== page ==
Data analysis: A total of 344 individual larvae were subjected to the investigation. Statistical description including mean, mode, standard deviation, standard error, range (min-max) and variance for all variables were processed with SPSS/pc ver 10.00. Data were also analyzed with this program following one-way ANOVA (analysis of variance).

RESULTS

Different Culex species found to breed in habitats surveyed. Culex bitaeniorhynchus, Cx. nigropunctatus, Cx. barraudi and Cx. hutchinsoni, were seen only in paddy field habitats, whereas Cx. quinquefasciatus and Cx. gelidus were found only in ground pool habitats.

Table 1: Larval density of different Cx. sp. in ground pools during 2002 and 2004
Each cell shows density in 2002-2003 (in parenthesis) and mean value

Table 2: Larval density of different Cx. sp. in paddy fields during 2002 and 2004
Each cell shows density in 2002-2003 (in parenthesis) and mean value

Culex tritaeniorhynchus, Cx. vishnui, Cx. pseudovishnui, Cx. fuscocephala, Cx. murreli and Cx. fuscanus were recorded from both the breeding places. The analysis of relative abundance of Culex species revealed that, in ground pools during 2002, prevalence of Cx. quinquefasciatus was maximum (51.91%), followed by Cx. tritaeniorhynchus (29.40%), Cx. vishnui (8.32%), Cx. fuscocephala (6.14%), Cx. fuscanus (2.14%), Cx. pseudovishnui (1.66%), Cx. murreli, (0.40%) and Cx. gelidus (0.02%) (Table 1). However in paddy field during 2002 the prevalence of Cx. tritaeniorhynchus was the highest (42.16%) followed by Cx. fuscocephala (22.49%), Cx. bitaeniorhynchus (15.92%), Cx. vishnui (10.70%), Cx. pseudovishnui (6.64%), Cx. fuscanus (1.97%), Cx. barraudi (0.11%) and Cx. nigropunctatus (0.01%) (Table 2).

Table 3: Influence of habitat on the larval density of Cx. tritaeniorhynchus during the years 2002 and 2004
Differences are statistically significant by one way (ANOVA) (p-value<0.01)

Likewise during 2003 at Mysore city ground pools, the prevalence of Cx. quinquefasciatus was the highest (52.13%) (Table 1) while in paddy fields Cx. fuscocephala (55.55%) showed the maximum density (Table 2).

The mean value for Culex tritaeniorhynchus (Type A) density in Mysore city, ground pool habitats, was 59.64 larvae per dip whereas for Type B that was 11.09 larvae per dip in Mandya district, rice field habitats (Table 2).

DISCUSSION

The relative abundance of Culex species in Mysore city during 2002 coincided with the data of the following year. However during the year 2002, abundance of Cx. tritaeniorhynchus type B (42.16%) was maximum among the Culex species followed by Cx. fuscocephala (22.49%), Cx. bitaeniorhynchus (15.92%), Cx. vishnui (10.71%) and Cx. pseudovishnui (6.64%) (Table 2). Further, during the year 2003, the relative abundance of Cx. fuscocephala (55.55%) in paddy field habitats was high among the Culex species followed by Cx. tritaeniorhynchus type B (25.16%), Cx. pseudovishnui (14.83%), Cx. bitaeniorhynchus (2.11%) and Cx. vishnui (1.64%) (Table 2). During the year 2003, due to shortage of irrigation water in the rice fields, paddy cultivation has declined and agricultural activities changed. So, the relative abundance of Culex species showed difference between 2002 and 2003. Similar to this, Takagi et al. (1997) have pointed out that modification of agricultural practices could possibly reduce the abundance of Cx. tritaeniorhynchus.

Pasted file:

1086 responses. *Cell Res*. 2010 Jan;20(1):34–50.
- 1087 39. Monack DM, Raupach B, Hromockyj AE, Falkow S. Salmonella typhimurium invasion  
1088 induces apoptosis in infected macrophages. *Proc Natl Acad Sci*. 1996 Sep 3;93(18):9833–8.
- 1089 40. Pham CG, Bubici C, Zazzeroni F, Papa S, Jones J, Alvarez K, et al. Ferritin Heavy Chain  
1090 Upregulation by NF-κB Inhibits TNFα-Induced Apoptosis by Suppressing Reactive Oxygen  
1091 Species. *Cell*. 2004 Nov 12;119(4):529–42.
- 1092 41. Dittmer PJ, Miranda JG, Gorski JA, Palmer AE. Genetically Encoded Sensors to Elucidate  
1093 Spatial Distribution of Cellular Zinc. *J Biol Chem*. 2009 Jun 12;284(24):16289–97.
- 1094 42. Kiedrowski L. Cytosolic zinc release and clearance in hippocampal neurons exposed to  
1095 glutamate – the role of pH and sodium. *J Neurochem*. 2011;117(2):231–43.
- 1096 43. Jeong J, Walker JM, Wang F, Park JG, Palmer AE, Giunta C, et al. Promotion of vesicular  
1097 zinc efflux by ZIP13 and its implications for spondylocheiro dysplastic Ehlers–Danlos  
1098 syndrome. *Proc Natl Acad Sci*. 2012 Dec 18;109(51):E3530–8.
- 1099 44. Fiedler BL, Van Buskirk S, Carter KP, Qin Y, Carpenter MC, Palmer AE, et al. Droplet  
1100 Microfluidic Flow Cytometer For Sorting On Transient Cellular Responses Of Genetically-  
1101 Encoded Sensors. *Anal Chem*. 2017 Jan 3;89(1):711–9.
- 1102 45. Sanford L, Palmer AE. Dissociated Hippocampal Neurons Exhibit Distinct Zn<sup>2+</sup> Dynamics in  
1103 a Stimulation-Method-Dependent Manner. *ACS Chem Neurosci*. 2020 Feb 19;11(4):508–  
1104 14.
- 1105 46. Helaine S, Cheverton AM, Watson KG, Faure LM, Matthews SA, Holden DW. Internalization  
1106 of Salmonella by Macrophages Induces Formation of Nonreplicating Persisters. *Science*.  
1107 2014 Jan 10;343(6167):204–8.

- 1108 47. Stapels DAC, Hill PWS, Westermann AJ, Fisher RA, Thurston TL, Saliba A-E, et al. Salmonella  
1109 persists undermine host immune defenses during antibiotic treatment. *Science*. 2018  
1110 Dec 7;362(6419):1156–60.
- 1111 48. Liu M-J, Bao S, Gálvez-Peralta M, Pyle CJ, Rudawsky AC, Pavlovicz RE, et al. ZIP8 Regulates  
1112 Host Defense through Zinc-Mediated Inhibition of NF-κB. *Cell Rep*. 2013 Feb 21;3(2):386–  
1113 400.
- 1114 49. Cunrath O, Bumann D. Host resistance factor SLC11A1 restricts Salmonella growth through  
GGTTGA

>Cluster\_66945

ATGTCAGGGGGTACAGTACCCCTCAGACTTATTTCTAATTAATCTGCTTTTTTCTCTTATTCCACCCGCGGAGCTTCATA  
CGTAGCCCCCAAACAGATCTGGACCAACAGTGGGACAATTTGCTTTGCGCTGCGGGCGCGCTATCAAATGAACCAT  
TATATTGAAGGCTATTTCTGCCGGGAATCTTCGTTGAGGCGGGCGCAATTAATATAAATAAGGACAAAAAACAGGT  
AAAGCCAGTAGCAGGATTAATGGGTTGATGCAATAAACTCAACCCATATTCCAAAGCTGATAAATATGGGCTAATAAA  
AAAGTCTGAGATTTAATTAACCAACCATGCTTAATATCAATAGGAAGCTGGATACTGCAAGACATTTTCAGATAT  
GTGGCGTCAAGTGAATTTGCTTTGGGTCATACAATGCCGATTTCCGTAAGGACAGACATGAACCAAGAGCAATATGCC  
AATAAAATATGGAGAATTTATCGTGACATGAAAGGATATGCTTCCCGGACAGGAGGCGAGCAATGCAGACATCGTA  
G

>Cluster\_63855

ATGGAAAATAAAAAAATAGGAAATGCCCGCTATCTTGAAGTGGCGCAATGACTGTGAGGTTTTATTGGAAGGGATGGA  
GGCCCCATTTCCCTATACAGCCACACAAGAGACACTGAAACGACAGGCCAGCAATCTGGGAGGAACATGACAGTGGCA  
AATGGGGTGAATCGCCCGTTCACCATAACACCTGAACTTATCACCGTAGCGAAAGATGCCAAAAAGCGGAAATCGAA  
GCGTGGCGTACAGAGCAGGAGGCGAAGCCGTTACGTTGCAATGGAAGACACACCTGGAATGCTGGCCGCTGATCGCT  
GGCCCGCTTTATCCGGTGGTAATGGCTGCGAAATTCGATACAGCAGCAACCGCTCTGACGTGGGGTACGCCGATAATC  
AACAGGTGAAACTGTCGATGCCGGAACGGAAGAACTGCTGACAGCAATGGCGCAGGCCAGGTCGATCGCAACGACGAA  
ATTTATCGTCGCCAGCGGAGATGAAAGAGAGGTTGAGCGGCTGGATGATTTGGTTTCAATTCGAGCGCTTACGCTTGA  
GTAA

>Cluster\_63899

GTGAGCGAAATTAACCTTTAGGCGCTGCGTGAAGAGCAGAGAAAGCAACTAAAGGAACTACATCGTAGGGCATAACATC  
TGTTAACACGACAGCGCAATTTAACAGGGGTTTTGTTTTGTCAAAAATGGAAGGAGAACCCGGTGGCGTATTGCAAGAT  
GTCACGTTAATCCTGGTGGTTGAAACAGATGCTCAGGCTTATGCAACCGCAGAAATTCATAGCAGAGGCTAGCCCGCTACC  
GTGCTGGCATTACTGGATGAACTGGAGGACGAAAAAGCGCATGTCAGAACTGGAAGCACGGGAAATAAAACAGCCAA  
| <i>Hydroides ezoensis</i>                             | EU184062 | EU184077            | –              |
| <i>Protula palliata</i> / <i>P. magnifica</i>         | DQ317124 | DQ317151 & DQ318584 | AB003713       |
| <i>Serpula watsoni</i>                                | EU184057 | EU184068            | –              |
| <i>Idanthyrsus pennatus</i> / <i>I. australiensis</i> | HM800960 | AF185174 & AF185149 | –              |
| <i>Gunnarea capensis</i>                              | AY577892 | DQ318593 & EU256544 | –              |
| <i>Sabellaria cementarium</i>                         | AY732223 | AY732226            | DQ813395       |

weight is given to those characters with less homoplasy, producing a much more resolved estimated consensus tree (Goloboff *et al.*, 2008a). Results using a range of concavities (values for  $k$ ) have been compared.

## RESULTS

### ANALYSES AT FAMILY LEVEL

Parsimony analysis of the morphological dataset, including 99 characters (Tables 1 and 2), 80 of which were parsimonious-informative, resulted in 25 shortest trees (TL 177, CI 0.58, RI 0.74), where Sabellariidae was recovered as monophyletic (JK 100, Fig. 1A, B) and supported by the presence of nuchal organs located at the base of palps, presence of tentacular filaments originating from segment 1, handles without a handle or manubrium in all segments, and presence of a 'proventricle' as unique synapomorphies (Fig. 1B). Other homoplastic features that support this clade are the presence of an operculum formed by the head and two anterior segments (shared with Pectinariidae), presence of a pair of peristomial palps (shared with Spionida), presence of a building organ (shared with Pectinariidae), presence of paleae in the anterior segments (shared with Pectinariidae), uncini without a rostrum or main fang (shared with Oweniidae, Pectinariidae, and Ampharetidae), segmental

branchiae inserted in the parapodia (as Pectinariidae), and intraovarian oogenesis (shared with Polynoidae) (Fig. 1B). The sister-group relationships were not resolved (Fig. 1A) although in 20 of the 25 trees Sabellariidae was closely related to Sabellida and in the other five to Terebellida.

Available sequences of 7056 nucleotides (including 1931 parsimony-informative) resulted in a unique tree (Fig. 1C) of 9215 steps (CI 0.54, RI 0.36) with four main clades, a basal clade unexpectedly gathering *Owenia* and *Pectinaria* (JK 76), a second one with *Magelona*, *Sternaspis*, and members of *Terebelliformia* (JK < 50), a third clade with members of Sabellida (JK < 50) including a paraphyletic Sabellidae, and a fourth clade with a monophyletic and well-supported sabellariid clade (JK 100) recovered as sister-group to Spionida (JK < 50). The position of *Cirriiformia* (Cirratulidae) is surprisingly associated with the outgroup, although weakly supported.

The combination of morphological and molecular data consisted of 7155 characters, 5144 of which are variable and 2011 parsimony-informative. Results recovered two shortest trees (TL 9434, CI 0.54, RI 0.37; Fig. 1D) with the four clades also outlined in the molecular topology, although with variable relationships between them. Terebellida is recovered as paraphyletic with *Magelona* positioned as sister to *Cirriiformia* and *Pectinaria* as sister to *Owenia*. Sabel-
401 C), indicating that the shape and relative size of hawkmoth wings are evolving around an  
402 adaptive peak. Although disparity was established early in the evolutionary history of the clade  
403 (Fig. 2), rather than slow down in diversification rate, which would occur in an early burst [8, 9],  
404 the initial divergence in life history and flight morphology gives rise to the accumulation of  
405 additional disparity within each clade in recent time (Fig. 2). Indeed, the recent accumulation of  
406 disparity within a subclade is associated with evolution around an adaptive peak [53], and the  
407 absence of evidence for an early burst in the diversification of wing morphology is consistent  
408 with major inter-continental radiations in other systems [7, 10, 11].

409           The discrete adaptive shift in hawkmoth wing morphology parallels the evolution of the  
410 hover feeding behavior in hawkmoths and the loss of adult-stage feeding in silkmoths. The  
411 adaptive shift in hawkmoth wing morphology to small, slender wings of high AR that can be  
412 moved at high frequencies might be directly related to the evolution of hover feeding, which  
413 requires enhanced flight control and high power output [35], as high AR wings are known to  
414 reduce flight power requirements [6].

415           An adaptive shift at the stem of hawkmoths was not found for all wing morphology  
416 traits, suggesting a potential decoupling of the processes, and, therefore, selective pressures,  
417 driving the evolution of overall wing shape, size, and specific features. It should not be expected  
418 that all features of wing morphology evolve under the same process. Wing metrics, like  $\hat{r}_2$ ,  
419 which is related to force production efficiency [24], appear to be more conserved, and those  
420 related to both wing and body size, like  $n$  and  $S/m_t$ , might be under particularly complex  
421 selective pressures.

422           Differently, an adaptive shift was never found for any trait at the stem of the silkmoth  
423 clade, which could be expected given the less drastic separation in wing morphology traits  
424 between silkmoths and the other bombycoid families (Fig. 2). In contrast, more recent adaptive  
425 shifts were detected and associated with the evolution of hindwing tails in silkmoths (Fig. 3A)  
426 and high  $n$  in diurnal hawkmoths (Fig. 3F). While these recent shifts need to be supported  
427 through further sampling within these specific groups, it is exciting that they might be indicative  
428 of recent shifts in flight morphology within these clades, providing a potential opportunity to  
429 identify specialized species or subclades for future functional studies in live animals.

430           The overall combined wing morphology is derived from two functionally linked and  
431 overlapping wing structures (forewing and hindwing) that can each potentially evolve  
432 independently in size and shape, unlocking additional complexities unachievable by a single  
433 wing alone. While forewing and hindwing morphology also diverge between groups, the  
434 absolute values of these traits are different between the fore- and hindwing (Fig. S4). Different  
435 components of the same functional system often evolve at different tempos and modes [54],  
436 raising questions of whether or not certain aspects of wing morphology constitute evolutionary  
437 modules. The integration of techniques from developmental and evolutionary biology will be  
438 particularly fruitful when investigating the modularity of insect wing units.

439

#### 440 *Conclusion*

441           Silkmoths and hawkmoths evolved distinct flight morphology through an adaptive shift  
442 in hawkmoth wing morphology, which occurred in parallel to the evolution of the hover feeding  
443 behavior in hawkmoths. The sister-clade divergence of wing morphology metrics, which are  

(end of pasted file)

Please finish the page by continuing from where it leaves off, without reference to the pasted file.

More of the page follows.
Gingrich et al. (2001) have reported that the JE transmission in Southern India is as follows:

May through October in Goa.
October through January in Tamil Nadu.
August through December in Karnataka with a second peak from April through June in the Mandya District.
September through December in Andhra Pradesh.

In the current investigation, two peaks of larval density of Cx. tritaeniorhynchus in ground pools (type A) was observed in October and May in Mysore city during 2002-03 which coincides with the JE transmission season in Karnataka state. The mean value for larval density of Cx. tritaeniorhynchus type A (59.64 larvae per dip) was found to be significantly more than that of type B (11.09) during the study period (p< 0.01) (Table 3). So, these results will be useful for integrated vector management in control of JE vectors in epidemics.

ACKNOWLEDGMENTS

Authors are thankful to Mr. George Jacob, National Institute of Virology (NIV) field station at Bangalore, India for confirmation of species identified, ICCR India for financial assistance and Chairman, Department of Studies in Zoology, University of Mysore, Mysore, India for the facilities provided.

REFERENCES
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Fakoorziba, M.R. and V.A. Vijayan, 2003. Variation in morphological characters of Culex tritaeniorhynchus diptera culicidae a Japanese encephalitis vector at Mysore India. J. Commun. Dis., 35: 206-213.
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Gingrich, J.B., H.J. Harlan, P.V. Perkins and J.H. Trosper, 2001. Regional Disease Vector Ecology Profile South Central Asia. Walter Reed Army Medical Center, London, pp: 49-50.

Mishra, A.C., 1984. Monitoring of the vector of Japanese encephalitis. Proceedings of the National Conferences on Japanese Encephalitis, (NCJE'84), Indian Council of Medical Research, New Delhi, pp: 62-62.

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Nagabhushana, R.P., 2000. Japanese encephalitis for doctors health workers and parents. http://openmed.nic.in/1012/.

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Reuben, R., 1968. A description of the species Cx. Vishnui theo with notes on Cx. Pseudovishnui colless and Cx. Tritaeniorhynchus giles from Southern India. Bull. Entomol. Res., 58: 643-652.

Samuel, P.P., S.J. Hiriyan and A. Gajanana, 2000. Japanese encephalitis virus infection in mosquitoes and its epidemiological implications. Ind. Med. Res. Bull., 30: 40-43.

Service, M.W., 1976. Mosquito Ecology Field Sampling Methods. Applied Science Publishers, London, pp: 583.

Sirivanakarn, S., 1976. Medical Entomology Studies. Contributions of the American Entomological Institute, America, pp: 129-134.

Takagi, M., W. Suwonkerd, Y. Tsuda, A. Sugiyama and Y. Wada, 1997. Effects of rice culture practices on the abundance of Culex mosquitoes diptera culicidae in Northern Thailand. J. Med. Entomol., 34: 272-276.
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Vijayan, V.A. and N. Ningegowda, 1993. Susceptibility difference in two populations of Culex quinquefasciatus Say diptera culicidae to three synthetic pyrethroids. Southeast Asian J. Trop. Med. Publ. Health, 3: 540-543.